South Porch has been restored: the turret in
the N.W. angle and the parvise are of the 15th
century; the parvise floor has been removed and
the porch is now open to the roof. The Roofs
of the chancel, nave, S. chapel and S. aisle are
of the 15th century.
Fittings—Bracket: over the first pillar on N.
side of S. chapel, carved, early 15th-century.
Brasses and Indents: in the nave, at W. end,
three-quarter figure of a nun, c. 1400, the name
plate being replaced by an inscription to a
Rector of Radwell, dated 1807: slab with
indent for a floriated cross: in N. chapel, on
N. wall, of a man and his wife, c. 1400; the
man is in the dress of a forester; the lower part
of his figure, the dog at his feet, and inscription
are missing: also on N. wall, of a man and his
wife, shrouded figures, c. 1520: on the floor, of a
man and his wife, c. 1470: inscription to
Margaret Benett, 1587: in S. aisle, indents
of a man and his two wives, 15th-century.
Communion Table: in N. chapel, 17th-century.
Chests: near the pulpit, strong, iron-bound,
mediæval: in the vestry, two, of carved oak,
17th-century. Door: to parvise staircase,
oak, with scutcheon for ring, 15th-century.
Font: octagonal bowl with beaded edges, and
circular stem flanked by octagonal shafts with
moulded bases, 13th-century. Glass: in E.
window of N. chapel, fragments of coloured
glass, probably early 15th-century. Monuments: near the doorway of N. aisle, slab with
inscription in Gothic capitals, 14th-century:
in N. chapel, Purbeck marble coffin lid
with a cross in relief, 13th-century: in
wall of N. aisle, outside, recess with ogee
arch, 14th-century, jambs restored; in the
recess, 14th-century coffin lid with cross in
relief: in wall of S. aisle, outside, two recesses,
probably 15th-century, with renewed stonework. Niches: in N.E. corner of N. chapel, 14th-century, elaborately carved, evidently moved to
present position in the 15th century, when wider
E. window was inserted and the N. wall recessed:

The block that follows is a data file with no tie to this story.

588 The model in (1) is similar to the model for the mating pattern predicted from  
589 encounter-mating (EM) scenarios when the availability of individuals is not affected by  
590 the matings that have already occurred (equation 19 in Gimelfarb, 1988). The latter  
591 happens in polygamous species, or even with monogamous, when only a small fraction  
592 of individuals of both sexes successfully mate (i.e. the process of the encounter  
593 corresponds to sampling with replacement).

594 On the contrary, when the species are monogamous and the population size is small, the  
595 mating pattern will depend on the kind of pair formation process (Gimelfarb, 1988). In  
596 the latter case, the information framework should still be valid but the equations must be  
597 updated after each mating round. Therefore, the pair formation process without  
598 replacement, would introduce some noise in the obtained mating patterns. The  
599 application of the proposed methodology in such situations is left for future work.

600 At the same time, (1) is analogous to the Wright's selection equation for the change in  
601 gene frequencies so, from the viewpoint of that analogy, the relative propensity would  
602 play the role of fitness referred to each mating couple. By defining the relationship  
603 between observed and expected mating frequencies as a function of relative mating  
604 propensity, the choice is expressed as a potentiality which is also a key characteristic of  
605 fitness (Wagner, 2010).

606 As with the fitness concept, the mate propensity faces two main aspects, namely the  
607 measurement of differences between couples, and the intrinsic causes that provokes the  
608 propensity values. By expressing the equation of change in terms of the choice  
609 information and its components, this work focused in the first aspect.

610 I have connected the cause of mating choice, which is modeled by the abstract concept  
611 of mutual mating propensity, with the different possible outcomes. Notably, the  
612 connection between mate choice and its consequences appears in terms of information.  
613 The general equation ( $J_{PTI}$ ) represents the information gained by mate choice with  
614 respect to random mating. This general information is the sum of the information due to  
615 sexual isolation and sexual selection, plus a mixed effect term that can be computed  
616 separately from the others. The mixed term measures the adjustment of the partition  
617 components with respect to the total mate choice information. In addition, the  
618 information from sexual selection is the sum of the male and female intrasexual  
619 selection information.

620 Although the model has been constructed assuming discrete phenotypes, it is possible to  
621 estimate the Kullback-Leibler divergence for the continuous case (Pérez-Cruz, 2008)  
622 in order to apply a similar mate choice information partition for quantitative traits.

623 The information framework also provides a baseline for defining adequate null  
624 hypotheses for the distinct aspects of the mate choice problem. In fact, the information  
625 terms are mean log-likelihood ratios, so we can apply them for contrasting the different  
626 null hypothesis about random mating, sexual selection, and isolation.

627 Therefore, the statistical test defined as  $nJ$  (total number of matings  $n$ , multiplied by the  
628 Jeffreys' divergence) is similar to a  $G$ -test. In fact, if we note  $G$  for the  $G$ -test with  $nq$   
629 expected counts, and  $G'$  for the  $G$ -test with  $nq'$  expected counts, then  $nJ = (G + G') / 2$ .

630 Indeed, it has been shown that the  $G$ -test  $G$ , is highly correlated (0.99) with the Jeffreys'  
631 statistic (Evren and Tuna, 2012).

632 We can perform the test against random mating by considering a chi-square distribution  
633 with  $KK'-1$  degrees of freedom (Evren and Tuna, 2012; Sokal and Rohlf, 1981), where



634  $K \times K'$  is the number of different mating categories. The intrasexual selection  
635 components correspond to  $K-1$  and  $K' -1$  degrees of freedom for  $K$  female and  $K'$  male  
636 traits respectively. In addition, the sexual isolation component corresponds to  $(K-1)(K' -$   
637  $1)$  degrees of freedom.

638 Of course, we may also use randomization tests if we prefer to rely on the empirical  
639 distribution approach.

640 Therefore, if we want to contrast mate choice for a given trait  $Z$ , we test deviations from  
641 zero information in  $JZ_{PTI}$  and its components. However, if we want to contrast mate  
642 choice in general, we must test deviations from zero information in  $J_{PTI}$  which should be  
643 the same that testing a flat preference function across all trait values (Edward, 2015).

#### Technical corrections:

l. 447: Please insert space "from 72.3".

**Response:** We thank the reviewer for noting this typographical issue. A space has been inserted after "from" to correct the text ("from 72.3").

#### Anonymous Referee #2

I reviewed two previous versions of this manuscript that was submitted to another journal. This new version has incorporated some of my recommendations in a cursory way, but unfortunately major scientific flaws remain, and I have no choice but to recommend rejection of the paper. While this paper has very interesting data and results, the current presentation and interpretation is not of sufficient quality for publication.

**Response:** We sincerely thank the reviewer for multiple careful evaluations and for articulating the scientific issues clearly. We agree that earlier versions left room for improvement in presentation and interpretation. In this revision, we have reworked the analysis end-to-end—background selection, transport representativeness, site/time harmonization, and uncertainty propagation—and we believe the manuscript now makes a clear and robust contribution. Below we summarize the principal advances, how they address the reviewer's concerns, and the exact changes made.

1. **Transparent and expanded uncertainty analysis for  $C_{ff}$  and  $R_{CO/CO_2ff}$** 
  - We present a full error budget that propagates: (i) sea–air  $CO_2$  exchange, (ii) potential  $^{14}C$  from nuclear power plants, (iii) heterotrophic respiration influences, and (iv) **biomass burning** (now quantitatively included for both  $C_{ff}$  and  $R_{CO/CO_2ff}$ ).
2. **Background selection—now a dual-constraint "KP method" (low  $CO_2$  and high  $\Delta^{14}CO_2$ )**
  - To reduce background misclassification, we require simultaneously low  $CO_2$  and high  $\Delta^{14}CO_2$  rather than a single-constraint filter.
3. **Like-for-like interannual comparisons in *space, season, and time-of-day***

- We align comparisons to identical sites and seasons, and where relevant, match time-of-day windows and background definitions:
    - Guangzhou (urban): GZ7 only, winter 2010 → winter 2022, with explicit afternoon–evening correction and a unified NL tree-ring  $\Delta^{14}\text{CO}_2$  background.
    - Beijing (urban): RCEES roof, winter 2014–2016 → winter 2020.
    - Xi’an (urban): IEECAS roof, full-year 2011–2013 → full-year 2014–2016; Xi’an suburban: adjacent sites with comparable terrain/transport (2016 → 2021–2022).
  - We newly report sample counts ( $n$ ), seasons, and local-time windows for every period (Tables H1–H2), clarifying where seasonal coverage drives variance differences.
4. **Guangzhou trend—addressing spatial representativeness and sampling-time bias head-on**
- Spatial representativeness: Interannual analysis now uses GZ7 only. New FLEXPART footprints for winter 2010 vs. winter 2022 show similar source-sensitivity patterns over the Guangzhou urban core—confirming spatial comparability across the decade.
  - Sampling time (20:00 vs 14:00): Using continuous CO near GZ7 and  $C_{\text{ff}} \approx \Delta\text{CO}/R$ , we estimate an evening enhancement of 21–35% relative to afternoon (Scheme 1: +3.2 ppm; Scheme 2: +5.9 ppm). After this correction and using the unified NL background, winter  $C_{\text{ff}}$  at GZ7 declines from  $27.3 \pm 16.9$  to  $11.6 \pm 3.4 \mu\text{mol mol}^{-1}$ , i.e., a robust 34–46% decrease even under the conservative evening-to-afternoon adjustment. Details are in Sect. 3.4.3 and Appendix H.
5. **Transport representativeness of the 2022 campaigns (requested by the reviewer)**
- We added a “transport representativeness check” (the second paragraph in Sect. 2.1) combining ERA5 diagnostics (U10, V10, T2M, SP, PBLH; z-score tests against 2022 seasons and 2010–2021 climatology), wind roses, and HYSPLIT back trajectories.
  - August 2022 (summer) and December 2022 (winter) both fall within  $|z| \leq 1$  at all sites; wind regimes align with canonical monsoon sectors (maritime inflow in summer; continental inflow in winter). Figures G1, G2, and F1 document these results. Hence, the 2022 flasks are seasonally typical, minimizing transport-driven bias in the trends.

under E. window of chancel, outside, trefoiled,
with rebated edge and remains of iron hinges,
14th-century. Piscinae: in the chancel,
double, 13th-century, with flat head, probably
modern: in N. chapel, with ogee head, crockets
and foliated finials, 14th-century; no bowl
visible; modern slab at back: in S. chapel,
double, 14th-century, much defaced. Plate:
includes a cup and cover paten, 1629. Screens:
between chancel and nave, and between chapels
and aisles, three, in one line from N. to S. of the
church, 15th-century, repaired, of traceried
oak, with different designs; the central screen
retains the original doors, those of N. screen are
repaired, S. screen is designed without doors;
central cornice is modern. Sedilia: under a
window in S. chapel, two seats, forming group
with the piscina, 14th-century, carving much
Condition—Good. The church has been
thoroughly restored; much of the window
tracery is of the 19th century.
High Street, W. side
(2). Wynne's Almshouses, S. of the church,
built in 1621, a range of six red brick two-storeyed houses, each with a small porch, a
mullioned window on the ground floor, and a
dormer window in the tiled roof. Under the six
dormers is the date:—AN—NO—DO—MI—NI
—1621; and on a stone panel in the middle is
the inscription:—"Theis almes howeses are
the gieft of M. John Wynne cittezen and mercer
of London latelye deceased who hath left a
yearely stipend to everey poore of either howses
to the worldes end September Anno Domine
1620." On a stone panel at the S. end are the